Can we say that James Turrell seeks to unite the opposites: the infinite and the finite, the interiority and the spatiality, the spiritual and the material?

Between the infinite and the finite, yes. There is always, in his works, an opposition between you and the space you are looking at, of which you are not of the same essence. This delimitation between the two is very important to him. There are two states, and two places; the place of your perception is not the place where the light is; the sky or the screen. So there is a kind of dialectical tension.

In the Cherry work at the Nantes museum, there was not absolute darkness because there were two small spots set very low but which allowed, when one stayed long enough (at least 10 minutes), to perceive the ‘artwork. Here again the question of time is very important, and there is the idea that the work is worthy. So the geometric, finite and structured black cubic perception space completely and voluntarily opposes this undefined bright and abyssal space that you are looking at. In the same way that the sky is an infinite and luminous contemplative space. He brings the elements of the universe into an intimate space. And in between, the setting is essential. And I think that the space in which we are placed is a kind of expression of us. We ourselves are the black box that has an opening on the outside by a square. Sometimes we dream of an unknown place that strangely familiar to us. This structured place is an expression of oneself. So, indeed, we find a contrast between two things: between us, our structured interiority and another unlimited space, an extended spatiality. On the other hand, there is no need for a spiritual presence in the sky for the sky to have a fascination effect. I think we already have in us the second space of light because otherwise we would not have access to it.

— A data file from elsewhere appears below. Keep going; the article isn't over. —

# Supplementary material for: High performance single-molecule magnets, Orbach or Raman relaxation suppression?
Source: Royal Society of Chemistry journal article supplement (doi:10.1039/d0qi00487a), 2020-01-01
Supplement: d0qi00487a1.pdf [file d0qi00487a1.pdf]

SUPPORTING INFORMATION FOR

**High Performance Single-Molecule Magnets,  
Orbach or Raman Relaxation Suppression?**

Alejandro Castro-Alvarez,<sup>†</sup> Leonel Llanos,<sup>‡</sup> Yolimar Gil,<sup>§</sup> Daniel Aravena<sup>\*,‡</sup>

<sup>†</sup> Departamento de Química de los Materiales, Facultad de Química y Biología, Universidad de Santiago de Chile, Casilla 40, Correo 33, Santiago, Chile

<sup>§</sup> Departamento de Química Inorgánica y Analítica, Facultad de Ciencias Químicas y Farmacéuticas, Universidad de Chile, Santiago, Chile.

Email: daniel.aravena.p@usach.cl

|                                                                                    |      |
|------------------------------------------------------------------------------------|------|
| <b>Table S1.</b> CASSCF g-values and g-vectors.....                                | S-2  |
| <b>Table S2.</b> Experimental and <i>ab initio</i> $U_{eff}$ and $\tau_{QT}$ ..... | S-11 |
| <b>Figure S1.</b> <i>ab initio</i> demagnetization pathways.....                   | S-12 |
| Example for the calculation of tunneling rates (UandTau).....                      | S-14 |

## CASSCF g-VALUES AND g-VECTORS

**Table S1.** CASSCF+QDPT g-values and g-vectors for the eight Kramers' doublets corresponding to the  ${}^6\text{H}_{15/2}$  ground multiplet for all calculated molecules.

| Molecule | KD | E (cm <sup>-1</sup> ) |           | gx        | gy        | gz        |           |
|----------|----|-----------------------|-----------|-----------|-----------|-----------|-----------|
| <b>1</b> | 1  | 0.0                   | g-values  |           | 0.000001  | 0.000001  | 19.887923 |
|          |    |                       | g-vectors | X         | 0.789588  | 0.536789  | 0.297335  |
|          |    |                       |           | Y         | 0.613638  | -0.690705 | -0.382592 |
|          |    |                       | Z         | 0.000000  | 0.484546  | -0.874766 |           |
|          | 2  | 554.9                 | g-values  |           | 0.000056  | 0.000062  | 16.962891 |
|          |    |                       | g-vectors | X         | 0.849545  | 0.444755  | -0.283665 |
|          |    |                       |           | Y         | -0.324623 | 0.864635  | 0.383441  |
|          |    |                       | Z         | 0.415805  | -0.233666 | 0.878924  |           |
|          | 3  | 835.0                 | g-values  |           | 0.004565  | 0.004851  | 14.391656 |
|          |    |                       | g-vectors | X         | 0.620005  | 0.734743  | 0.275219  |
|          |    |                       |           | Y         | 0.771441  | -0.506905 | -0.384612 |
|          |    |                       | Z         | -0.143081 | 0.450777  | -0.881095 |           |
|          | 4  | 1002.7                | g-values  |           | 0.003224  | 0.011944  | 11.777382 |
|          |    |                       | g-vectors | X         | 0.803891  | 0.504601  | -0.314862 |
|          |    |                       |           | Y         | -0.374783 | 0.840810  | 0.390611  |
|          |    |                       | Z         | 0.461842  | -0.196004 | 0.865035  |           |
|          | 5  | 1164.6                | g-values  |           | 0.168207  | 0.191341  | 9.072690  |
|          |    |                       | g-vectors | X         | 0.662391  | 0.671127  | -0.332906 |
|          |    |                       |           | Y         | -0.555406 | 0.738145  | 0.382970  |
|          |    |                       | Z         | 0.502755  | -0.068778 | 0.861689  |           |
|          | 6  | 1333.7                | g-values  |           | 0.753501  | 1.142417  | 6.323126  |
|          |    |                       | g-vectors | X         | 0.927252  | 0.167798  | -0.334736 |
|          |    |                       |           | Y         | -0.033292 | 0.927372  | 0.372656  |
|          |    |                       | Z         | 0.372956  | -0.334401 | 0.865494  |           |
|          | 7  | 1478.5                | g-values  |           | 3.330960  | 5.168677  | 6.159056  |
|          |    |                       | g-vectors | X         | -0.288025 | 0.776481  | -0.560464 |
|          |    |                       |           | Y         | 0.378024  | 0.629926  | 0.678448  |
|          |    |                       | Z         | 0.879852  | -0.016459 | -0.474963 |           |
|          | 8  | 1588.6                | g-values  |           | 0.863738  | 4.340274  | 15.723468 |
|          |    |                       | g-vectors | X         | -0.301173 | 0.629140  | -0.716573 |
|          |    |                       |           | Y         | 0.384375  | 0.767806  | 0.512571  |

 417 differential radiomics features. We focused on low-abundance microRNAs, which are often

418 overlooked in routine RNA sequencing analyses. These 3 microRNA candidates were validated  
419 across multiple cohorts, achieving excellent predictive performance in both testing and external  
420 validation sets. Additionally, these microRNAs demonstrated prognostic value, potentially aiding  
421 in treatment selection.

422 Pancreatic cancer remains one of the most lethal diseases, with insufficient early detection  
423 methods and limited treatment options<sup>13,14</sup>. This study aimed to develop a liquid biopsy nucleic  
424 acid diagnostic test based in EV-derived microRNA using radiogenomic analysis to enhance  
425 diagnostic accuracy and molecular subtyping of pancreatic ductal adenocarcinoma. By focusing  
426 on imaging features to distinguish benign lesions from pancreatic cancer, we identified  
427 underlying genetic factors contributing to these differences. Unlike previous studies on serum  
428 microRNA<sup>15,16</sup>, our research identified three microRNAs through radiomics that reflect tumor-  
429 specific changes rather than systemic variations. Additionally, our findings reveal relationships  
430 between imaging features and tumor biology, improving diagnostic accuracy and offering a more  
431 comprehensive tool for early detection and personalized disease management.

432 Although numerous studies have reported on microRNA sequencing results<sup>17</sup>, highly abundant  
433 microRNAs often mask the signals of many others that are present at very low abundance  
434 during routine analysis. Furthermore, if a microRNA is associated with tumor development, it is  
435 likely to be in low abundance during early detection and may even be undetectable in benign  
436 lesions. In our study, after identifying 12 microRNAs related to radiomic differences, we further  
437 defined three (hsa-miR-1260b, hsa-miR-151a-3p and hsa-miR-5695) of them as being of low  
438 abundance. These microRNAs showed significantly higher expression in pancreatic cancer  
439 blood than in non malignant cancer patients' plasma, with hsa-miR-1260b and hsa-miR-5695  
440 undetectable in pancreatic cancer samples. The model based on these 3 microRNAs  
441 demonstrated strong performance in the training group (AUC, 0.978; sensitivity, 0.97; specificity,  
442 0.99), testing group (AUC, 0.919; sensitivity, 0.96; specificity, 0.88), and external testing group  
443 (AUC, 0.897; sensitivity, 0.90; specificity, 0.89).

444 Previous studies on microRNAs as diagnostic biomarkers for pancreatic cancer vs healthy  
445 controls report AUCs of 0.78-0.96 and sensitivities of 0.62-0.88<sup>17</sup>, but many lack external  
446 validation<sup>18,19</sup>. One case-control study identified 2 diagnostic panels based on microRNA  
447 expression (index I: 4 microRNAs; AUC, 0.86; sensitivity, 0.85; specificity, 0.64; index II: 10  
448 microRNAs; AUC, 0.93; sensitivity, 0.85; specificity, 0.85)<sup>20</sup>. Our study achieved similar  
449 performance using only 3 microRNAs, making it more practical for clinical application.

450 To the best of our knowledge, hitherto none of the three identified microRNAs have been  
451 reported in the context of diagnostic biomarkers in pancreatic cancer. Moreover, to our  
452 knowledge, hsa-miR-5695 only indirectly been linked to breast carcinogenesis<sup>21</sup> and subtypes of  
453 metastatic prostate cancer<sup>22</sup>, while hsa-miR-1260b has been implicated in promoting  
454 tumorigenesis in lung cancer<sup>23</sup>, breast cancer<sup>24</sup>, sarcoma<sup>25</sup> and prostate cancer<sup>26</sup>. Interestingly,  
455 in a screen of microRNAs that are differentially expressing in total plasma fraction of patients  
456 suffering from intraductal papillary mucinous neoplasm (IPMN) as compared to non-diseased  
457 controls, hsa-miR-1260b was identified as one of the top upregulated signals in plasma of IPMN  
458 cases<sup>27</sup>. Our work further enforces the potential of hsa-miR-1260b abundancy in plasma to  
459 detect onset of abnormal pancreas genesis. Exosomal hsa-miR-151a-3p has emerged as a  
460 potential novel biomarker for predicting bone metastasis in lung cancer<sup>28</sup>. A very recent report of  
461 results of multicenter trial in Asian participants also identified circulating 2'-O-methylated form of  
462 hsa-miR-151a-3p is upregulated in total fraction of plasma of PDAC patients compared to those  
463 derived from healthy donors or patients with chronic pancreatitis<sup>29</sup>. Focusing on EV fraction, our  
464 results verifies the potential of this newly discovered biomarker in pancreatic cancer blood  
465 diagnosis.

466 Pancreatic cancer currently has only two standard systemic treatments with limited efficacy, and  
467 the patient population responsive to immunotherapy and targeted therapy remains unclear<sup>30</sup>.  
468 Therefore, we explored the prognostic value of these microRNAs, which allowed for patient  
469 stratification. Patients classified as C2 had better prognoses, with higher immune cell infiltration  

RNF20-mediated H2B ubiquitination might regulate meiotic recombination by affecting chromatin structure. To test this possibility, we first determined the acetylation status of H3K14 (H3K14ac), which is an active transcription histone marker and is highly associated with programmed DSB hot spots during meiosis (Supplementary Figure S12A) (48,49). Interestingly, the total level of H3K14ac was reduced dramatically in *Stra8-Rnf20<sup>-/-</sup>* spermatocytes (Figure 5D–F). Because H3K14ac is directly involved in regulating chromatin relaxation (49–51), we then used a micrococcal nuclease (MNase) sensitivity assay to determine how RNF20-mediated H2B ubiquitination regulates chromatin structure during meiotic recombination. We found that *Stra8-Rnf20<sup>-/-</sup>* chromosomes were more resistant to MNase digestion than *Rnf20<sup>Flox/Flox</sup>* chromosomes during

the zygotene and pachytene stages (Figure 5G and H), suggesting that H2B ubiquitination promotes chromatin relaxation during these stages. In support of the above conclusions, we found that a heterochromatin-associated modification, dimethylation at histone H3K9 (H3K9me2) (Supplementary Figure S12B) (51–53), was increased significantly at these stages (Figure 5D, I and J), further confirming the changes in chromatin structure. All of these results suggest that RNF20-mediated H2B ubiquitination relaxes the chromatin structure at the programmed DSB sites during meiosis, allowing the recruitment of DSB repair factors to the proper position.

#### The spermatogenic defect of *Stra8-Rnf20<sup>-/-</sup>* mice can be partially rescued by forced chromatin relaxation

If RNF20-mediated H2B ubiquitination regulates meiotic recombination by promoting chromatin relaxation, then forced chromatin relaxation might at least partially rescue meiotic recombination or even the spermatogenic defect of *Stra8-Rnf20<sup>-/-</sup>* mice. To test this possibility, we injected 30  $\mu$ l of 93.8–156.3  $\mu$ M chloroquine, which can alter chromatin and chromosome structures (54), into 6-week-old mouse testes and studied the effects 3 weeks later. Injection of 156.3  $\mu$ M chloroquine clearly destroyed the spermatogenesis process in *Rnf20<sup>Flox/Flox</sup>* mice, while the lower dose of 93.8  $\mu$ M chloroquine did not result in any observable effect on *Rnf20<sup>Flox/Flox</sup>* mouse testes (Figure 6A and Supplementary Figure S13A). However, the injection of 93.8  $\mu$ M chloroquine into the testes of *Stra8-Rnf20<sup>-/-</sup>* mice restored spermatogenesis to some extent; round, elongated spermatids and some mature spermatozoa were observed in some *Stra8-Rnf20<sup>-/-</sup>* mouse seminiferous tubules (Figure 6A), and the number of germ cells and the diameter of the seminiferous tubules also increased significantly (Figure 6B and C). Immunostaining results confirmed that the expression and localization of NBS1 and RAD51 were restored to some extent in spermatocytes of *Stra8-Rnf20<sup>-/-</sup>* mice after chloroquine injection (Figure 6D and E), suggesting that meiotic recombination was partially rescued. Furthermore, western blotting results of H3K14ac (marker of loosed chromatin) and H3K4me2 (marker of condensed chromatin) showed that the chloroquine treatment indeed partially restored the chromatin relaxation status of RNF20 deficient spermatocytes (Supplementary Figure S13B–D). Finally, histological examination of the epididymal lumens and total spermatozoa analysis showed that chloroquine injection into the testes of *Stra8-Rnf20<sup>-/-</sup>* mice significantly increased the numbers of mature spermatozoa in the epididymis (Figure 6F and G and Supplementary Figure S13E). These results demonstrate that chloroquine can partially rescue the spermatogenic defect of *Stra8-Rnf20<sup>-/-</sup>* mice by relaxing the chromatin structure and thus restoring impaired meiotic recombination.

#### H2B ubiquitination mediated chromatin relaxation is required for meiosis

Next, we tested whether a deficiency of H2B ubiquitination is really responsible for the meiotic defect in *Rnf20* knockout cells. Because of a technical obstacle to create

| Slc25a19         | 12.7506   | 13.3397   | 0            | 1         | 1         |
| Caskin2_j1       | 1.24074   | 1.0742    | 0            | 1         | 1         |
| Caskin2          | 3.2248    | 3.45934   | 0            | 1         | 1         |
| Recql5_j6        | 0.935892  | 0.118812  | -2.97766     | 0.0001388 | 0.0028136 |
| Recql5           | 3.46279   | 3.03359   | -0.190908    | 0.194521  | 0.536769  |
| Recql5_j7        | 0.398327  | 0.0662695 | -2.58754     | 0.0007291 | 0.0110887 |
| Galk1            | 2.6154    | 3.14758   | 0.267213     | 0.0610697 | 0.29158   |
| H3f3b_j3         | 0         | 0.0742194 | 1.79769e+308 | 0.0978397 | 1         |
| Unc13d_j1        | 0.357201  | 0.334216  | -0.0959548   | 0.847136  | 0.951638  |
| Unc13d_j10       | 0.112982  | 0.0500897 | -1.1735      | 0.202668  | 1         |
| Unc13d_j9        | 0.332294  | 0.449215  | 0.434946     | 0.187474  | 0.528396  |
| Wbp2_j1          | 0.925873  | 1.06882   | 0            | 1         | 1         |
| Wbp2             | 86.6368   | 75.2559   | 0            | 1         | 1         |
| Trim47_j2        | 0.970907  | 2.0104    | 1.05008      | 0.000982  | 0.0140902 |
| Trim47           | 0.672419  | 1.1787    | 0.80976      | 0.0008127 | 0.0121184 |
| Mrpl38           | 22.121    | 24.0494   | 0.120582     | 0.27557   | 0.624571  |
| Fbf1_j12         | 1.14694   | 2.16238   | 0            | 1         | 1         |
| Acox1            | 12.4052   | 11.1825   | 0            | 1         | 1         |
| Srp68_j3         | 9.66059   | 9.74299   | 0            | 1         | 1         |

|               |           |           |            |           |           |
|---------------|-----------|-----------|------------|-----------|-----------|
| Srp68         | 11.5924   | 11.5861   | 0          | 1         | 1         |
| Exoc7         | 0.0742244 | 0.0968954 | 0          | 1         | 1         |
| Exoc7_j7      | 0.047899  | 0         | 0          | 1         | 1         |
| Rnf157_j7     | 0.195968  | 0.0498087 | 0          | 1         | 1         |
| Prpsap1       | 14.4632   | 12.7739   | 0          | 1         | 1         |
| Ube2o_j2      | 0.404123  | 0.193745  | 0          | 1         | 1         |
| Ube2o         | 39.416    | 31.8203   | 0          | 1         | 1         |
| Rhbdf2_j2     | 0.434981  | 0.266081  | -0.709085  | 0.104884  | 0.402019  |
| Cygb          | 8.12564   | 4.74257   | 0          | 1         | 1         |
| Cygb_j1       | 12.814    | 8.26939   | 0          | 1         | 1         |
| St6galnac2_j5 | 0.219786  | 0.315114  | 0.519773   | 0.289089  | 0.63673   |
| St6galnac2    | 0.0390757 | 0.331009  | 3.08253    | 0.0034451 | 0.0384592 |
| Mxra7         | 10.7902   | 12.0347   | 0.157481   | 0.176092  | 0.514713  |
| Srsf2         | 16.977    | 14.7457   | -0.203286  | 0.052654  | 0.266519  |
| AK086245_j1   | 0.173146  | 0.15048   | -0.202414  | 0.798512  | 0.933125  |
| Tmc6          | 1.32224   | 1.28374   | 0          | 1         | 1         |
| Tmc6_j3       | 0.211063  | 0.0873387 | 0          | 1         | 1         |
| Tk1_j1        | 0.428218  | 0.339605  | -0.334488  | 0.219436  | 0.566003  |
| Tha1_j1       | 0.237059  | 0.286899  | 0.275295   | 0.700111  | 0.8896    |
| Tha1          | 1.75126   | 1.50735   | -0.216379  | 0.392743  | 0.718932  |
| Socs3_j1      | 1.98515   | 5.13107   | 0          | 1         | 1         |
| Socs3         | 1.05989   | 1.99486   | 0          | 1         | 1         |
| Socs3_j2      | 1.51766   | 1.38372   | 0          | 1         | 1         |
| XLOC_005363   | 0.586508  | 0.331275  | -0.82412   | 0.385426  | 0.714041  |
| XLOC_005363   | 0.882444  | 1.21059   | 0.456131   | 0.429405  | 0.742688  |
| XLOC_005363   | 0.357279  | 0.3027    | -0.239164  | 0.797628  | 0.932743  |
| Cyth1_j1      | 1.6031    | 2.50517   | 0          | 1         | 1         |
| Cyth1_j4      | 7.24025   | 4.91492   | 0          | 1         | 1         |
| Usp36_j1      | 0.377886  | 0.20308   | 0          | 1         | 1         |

What is the strength of James Turrell?

The strength of James Turrell’s message is to teach us how to perceive works of art, once and for all! This does not correspond to the totality of works of art that are symbolic, very rich in meaning and interpretation. But I think that if we understand a work of this artist, there will be many works that we can understand later. Because we touch a kind of absolute of what could be a work of art, ie a space, a work and the miracle is renewed each time. This absence of lassitude is characteristic of art. In art, you never really have access to the object of your desire. In his installations, you are in it. And as soon as it is extinguished, the desire can be reborn and you will relive it differently. In a way, it is, in my opinion, a b-ba of a work of art. I think there is a connection between meditation and the perception of his works of art. We must be very present to what is happening. Which does not mean being self-centered or withdrawn into oneself and one’s body but on the contrary simply being there to what is happening and the work happening to you.